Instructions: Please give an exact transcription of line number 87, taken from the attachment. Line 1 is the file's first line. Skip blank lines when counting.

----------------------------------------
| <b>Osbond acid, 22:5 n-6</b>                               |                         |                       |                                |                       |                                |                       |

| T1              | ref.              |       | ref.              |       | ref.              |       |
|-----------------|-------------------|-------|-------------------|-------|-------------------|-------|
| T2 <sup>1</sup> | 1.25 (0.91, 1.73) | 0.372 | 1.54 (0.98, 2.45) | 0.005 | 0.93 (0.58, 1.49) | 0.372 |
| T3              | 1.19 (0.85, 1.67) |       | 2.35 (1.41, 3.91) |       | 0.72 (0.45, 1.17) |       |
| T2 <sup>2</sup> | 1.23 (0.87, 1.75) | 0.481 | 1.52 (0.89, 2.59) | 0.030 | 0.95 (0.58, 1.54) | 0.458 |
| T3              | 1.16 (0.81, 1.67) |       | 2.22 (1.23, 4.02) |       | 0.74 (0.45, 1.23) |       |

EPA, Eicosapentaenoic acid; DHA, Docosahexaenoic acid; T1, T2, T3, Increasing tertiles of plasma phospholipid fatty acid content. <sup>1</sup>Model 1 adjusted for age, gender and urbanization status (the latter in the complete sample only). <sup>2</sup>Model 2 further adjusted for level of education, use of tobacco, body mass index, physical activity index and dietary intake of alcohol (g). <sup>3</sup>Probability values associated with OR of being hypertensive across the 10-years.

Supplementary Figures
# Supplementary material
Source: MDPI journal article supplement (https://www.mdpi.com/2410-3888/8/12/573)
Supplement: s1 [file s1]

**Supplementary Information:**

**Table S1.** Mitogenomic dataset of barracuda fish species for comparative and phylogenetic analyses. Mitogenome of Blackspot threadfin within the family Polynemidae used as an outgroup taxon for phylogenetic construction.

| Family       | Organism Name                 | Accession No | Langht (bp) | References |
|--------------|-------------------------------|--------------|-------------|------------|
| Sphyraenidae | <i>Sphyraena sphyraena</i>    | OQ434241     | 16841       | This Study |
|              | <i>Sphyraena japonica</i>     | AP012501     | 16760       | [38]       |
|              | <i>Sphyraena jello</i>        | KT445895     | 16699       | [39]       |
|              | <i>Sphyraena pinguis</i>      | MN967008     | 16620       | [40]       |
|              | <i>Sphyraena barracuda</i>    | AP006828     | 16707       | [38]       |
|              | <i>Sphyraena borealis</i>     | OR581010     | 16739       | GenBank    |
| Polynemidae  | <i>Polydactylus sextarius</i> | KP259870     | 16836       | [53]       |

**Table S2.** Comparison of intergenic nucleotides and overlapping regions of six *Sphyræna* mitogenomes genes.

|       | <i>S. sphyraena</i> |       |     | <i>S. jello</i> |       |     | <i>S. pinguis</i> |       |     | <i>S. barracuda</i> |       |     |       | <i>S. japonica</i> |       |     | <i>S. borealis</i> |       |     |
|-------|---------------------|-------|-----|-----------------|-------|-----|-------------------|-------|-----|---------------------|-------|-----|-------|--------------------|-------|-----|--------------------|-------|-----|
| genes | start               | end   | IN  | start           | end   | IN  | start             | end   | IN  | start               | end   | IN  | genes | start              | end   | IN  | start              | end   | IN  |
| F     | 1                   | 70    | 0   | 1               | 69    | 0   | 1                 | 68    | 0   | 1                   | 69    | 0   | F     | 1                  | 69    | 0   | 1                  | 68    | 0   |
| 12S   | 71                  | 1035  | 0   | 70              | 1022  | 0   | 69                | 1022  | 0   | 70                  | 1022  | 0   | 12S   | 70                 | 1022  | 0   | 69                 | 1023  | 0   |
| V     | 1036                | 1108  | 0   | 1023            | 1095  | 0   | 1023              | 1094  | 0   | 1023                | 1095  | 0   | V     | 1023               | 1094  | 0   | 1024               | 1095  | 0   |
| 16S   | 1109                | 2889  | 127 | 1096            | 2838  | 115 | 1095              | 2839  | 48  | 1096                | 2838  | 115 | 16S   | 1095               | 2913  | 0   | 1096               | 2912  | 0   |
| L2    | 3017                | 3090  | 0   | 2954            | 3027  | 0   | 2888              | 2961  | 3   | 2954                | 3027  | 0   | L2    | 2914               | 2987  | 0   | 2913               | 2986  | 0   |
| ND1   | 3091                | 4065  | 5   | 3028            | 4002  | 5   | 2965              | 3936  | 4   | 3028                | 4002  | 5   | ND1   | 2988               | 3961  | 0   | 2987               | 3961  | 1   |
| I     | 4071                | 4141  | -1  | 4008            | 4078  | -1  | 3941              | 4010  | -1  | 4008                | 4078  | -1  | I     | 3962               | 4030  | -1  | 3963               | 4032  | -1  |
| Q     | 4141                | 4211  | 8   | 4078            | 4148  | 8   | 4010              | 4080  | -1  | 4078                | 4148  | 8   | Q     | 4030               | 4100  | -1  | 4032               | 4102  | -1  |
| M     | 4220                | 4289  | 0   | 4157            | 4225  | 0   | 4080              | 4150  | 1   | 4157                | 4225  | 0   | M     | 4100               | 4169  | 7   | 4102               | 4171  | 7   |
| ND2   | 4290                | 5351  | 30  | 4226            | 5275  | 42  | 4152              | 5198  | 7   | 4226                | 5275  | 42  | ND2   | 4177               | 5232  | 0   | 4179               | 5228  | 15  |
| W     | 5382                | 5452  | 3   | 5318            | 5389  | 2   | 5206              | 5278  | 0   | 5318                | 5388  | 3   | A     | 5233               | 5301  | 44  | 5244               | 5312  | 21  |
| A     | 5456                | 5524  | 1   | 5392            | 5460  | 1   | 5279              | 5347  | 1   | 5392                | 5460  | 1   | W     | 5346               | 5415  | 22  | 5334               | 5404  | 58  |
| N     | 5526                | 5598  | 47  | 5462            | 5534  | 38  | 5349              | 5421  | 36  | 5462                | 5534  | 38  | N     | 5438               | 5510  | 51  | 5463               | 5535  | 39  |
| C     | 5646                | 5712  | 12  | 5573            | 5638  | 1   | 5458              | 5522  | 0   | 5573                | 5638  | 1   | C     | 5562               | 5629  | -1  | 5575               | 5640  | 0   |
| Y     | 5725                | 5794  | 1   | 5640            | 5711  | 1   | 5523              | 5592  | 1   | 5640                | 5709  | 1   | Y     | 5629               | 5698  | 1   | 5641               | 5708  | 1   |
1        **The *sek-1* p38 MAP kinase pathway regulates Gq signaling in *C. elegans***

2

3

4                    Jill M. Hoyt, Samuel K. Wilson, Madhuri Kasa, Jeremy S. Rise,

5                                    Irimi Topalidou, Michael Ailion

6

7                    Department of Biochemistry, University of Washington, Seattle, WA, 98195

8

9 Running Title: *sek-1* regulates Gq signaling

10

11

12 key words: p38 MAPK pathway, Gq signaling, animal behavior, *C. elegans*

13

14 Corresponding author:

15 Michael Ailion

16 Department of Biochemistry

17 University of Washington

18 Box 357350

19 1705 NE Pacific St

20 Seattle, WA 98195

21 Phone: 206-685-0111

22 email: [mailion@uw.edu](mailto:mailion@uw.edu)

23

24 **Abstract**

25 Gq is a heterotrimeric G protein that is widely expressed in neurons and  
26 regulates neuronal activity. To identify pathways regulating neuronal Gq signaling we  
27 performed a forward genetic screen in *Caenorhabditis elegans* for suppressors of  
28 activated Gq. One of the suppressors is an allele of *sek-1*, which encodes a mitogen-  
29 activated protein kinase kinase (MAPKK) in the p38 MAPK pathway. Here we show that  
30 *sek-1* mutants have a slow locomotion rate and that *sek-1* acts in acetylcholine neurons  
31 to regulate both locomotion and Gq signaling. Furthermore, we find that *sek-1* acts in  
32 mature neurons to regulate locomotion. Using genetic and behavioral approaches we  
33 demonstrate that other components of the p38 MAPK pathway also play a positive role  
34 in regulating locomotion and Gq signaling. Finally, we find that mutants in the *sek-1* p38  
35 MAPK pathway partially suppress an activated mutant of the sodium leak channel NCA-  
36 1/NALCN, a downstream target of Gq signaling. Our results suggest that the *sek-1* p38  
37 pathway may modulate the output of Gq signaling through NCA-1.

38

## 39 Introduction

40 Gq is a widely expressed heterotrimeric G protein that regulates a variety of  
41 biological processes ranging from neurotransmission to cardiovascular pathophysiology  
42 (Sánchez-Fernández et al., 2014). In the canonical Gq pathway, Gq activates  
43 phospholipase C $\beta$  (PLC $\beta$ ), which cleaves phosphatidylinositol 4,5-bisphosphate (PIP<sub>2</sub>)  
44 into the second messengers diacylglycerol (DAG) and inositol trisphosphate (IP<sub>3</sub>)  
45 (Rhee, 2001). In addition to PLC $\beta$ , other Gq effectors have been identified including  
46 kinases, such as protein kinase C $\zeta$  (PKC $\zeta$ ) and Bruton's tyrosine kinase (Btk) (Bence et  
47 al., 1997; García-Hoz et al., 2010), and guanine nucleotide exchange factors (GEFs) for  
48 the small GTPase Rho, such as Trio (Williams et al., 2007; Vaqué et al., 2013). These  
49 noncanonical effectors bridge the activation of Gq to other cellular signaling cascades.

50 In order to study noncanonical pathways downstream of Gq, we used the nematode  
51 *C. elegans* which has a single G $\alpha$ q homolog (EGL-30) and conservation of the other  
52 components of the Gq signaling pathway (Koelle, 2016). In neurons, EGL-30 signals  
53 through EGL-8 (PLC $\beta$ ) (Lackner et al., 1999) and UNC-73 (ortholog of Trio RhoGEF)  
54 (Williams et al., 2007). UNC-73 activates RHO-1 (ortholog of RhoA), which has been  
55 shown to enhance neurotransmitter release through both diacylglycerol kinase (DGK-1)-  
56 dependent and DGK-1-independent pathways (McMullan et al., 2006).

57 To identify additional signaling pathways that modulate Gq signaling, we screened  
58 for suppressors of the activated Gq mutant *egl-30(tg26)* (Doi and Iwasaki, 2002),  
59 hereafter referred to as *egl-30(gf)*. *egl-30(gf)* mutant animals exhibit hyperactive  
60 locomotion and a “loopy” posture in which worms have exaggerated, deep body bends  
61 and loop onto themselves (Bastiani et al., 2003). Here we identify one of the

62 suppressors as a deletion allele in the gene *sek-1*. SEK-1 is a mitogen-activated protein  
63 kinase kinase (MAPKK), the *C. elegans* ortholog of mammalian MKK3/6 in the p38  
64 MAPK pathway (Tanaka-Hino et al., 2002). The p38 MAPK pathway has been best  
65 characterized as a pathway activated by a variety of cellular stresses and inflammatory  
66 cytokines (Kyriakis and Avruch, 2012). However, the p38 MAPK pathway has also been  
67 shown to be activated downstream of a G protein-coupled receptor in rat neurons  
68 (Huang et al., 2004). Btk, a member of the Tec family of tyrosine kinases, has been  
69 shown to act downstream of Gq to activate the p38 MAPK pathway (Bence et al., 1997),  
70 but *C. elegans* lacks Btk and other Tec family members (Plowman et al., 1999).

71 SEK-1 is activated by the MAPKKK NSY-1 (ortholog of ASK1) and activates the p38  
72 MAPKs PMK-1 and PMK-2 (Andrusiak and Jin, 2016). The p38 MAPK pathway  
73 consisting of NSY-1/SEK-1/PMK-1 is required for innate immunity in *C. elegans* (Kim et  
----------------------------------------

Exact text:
45 (Rhee, 2001). In addition to PLC $\beta$ , other Gq effectors have been identified including  